Biden administration helping drive up food costs

Biden administration helping drive up food costs

The Biden administration is driving up food costs, not just by policies that increase the general inflation rate, but also through policies that increase the cost of fertilizer and agricultural inputs. Baylen Linneken explains:

Now, with food prices on the rise, there’s a danger that hunger will follow.  “I want to say this loud and clear right now, that we risk a very low crop in the next harvest,” Svein Tore Holsether, the CEO and president of fertilizer giant Yara International, warned in November. “I’m afraid we’re going to have a food crisis.” Holsether worried about the rising cost of energy and especially of natural gas, which is needed to make ammonia from which urea, a key fertilizer component, is synthesized. “Prices for the humble chemical — yes, the stuff in urine — are soaring to levels not seen in over a decade,” The New York Times agreed a month later. “People and industries of all kinds are feeling the shocks.”

A combination of always-unpredictable nature, bad policy, and busted supply chains (also largely from policy decisions) dramatically hiked prices for natural gas and its products. Prices for alternatives to urea are also rising because of demand and parallel political decisions….high trade barriers remain in place for fertilizer and its components. The result is that major inputs for producing the food that we eat are becoming increasingly dear when they can be found at all.

“Among farmers and ranchers, very few topics are being discussed as much as the skyrocketing cost of fertilizer and increasing concerns regarding availability,” the American Farm Bureau reports. If that’s frightening for American farmers and the people who consume their products, it’s potentially disastrous for the rest of the world.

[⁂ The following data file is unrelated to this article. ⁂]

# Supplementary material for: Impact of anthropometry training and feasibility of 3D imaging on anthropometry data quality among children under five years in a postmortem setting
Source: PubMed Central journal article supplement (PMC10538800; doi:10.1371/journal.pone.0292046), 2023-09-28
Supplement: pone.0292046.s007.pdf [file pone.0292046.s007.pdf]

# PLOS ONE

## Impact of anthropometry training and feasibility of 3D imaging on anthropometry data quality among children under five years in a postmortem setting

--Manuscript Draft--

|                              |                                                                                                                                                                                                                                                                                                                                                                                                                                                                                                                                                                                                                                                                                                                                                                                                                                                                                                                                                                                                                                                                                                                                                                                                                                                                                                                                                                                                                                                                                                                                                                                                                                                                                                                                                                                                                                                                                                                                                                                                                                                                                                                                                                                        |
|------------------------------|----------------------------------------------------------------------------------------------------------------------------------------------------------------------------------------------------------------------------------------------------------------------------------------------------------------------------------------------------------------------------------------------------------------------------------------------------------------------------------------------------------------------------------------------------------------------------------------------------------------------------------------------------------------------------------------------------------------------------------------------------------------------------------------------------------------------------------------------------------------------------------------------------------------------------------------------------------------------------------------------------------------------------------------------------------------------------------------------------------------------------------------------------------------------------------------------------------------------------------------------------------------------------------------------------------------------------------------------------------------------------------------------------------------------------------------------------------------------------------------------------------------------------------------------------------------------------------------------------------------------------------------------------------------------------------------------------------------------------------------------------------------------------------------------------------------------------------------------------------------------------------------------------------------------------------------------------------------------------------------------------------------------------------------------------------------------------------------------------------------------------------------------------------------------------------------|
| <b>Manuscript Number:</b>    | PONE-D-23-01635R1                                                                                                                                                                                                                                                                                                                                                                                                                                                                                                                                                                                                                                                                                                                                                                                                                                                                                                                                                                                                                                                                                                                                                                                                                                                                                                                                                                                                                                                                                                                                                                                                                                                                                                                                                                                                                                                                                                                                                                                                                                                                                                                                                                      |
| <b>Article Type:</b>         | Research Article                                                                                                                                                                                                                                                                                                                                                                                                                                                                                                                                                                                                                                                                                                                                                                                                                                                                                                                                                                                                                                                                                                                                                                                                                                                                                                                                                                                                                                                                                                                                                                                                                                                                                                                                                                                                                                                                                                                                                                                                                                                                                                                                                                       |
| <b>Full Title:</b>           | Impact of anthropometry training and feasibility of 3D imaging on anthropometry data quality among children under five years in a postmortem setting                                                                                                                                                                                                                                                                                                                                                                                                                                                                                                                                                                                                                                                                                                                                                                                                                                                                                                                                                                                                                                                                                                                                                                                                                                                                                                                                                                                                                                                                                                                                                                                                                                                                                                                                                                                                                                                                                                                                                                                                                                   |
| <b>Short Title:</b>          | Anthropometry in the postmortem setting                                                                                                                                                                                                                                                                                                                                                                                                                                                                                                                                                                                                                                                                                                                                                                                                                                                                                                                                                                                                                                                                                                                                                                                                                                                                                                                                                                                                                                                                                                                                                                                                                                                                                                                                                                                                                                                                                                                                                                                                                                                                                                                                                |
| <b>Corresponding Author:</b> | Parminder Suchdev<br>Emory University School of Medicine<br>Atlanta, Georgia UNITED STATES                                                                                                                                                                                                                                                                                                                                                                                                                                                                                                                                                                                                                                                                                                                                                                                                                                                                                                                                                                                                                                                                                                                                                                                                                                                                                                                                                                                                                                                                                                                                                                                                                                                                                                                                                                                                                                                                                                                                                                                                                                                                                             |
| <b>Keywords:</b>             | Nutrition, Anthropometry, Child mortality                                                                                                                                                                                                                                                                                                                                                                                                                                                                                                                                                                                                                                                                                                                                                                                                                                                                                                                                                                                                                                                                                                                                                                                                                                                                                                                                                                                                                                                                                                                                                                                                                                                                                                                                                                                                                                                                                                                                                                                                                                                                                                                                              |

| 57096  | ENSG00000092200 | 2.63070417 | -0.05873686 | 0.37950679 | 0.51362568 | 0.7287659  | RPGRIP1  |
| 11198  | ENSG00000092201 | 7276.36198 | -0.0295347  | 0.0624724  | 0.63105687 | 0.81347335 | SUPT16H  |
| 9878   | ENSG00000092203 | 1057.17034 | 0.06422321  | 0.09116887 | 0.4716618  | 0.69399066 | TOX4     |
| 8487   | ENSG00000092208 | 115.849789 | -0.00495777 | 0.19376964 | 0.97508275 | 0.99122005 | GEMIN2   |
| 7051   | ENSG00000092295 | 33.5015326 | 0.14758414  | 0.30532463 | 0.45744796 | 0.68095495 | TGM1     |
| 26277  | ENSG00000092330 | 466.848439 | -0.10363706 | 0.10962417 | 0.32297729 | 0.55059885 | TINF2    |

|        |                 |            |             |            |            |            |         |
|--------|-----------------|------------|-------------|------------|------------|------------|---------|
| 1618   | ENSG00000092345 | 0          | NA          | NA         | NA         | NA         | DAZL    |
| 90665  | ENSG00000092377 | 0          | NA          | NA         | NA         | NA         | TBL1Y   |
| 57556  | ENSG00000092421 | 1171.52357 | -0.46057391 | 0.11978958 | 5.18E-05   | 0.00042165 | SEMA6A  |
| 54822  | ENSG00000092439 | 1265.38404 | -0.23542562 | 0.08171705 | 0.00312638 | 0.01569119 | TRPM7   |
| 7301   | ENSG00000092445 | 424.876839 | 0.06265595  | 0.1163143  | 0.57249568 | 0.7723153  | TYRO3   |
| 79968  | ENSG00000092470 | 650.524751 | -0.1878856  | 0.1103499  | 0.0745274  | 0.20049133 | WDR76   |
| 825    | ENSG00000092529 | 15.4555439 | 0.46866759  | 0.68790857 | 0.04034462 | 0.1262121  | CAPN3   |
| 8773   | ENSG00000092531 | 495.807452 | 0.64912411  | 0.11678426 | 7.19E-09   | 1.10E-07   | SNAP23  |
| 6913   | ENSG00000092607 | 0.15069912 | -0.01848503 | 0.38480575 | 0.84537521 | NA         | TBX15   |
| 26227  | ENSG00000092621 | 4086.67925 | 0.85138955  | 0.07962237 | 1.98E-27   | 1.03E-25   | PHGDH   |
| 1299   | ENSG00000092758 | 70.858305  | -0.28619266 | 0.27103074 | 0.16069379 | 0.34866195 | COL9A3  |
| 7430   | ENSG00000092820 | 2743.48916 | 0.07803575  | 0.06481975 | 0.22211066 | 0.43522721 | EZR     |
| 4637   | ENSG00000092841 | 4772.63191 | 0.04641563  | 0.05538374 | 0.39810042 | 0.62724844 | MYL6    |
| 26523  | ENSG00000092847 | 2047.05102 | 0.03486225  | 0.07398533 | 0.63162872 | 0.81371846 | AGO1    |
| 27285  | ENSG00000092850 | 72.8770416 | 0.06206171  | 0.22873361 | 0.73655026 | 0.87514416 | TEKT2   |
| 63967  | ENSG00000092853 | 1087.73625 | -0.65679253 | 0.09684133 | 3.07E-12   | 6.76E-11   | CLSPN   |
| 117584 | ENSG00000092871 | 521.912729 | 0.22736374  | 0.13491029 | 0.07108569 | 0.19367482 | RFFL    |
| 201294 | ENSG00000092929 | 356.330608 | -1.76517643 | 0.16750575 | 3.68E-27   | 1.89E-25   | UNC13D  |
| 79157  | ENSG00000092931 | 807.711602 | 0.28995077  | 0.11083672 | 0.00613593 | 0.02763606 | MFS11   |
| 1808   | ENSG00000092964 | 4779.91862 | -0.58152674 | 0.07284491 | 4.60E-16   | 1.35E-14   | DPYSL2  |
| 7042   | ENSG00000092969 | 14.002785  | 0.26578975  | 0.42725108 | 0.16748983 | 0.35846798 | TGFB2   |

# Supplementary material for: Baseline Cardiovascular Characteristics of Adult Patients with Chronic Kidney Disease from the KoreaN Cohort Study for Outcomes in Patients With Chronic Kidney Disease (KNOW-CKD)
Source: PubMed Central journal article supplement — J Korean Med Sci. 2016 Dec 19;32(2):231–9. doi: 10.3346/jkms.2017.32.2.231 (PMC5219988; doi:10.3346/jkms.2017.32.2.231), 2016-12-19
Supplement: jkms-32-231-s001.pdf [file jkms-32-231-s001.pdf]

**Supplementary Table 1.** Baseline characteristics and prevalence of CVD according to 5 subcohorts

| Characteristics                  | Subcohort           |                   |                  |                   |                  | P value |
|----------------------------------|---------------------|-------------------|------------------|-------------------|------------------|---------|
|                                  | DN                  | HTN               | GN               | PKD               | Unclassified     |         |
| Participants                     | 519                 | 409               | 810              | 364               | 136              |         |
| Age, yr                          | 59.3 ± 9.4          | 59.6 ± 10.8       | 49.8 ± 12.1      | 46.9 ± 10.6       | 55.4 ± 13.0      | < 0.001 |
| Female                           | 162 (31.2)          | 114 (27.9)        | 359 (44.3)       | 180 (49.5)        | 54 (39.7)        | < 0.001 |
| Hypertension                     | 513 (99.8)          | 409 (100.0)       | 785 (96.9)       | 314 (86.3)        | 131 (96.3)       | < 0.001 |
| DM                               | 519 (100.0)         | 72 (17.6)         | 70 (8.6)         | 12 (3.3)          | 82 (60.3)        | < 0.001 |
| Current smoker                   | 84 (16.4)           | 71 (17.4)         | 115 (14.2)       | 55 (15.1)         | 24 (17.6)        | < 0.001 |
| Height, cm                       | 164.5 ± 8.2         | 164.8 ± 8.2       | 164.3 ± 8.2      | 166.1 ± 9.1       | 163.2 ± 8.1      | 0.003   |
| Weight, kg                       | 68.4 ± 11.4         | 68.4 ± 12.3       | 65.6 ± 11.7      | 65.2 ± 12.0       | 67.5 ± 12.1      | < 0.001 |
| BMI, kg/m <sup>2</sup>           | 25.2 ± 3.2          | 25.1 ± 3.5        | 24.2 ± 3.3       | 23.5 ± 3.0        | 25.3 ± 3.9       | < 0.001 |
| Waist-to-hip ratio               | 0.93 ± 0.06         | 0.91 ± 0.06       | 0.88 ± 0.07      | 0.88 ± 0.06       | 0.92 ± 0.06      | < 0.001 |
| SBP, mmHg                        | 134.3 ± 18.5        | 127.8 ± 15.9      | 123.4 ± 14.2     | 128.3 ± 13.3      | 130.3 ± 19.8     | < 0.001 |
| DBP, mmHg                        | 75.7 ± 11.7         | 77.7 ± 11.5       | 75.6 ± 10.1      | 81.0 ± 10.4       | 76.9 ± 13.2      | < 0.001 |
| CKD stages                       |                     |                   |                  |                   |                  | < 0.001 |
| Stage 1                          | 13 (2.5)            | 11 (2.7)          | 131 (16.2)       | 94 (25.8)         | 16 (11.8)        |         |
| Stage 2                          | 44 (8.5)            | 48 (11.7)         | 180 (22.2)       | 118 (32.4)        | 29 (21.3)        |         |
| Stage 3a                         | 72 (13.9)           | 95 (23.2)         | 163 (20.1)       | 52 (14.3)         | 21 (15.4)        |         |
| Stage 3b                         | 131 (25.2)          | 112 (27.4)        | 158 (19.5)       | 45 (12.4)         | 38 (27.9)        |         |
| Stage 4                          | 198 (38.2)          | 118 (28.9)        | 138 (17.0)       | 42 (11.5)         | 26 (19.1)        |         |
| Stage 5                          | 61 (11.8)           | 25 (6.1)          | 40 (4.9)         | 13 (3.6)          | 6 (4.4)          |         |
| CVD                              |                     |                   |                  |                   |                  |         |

“High fertilizer prices could exert inflationary pressures on food prices, compounding food security concerns at a time when the COVID-19 pandemic and climate change are making access to food more difficult,” the World Bank notes….global food prices were already up by an average of 27.3 percent from a year earlier at the end of November…”Higher farm input costs, expensive shipping and good demand provide for a grim combination,” predicts Holland’s agriculture-oriented Rabobank…”We should see these inflationary pressures upstream move along the supply chain to reach consumers in 2022, with uncertain social consequences.”…

“Major fertilizer producers Yara International ASA and CF Industries Holdings Inc. said soaring energy costs are forcing them to halt some output of nutrients crucial for growing crops,” BloombergQuint noted of the effects of Europe’s energy costs…the U.S. suffers self-inflicted wounds from trade barriers on foreign products….”Only 15% of phosphorous imports now come into the U.S. without tariffs.”

These problems have been aggravated by Mother Nature, with low winds hobbling Europe’s heavy reliance on wind energy, and drought curtailing hydropower production in China and elsewhere, resulting in those regions competing for scarce fossil fuels with other parts of the world. “In the fall, soaring electricity demand led the southwestern province of Yunnan, a key phosphate producer, to order drastic production cuts by energy-hungry industries, including fertilizer,” The New York Times reported.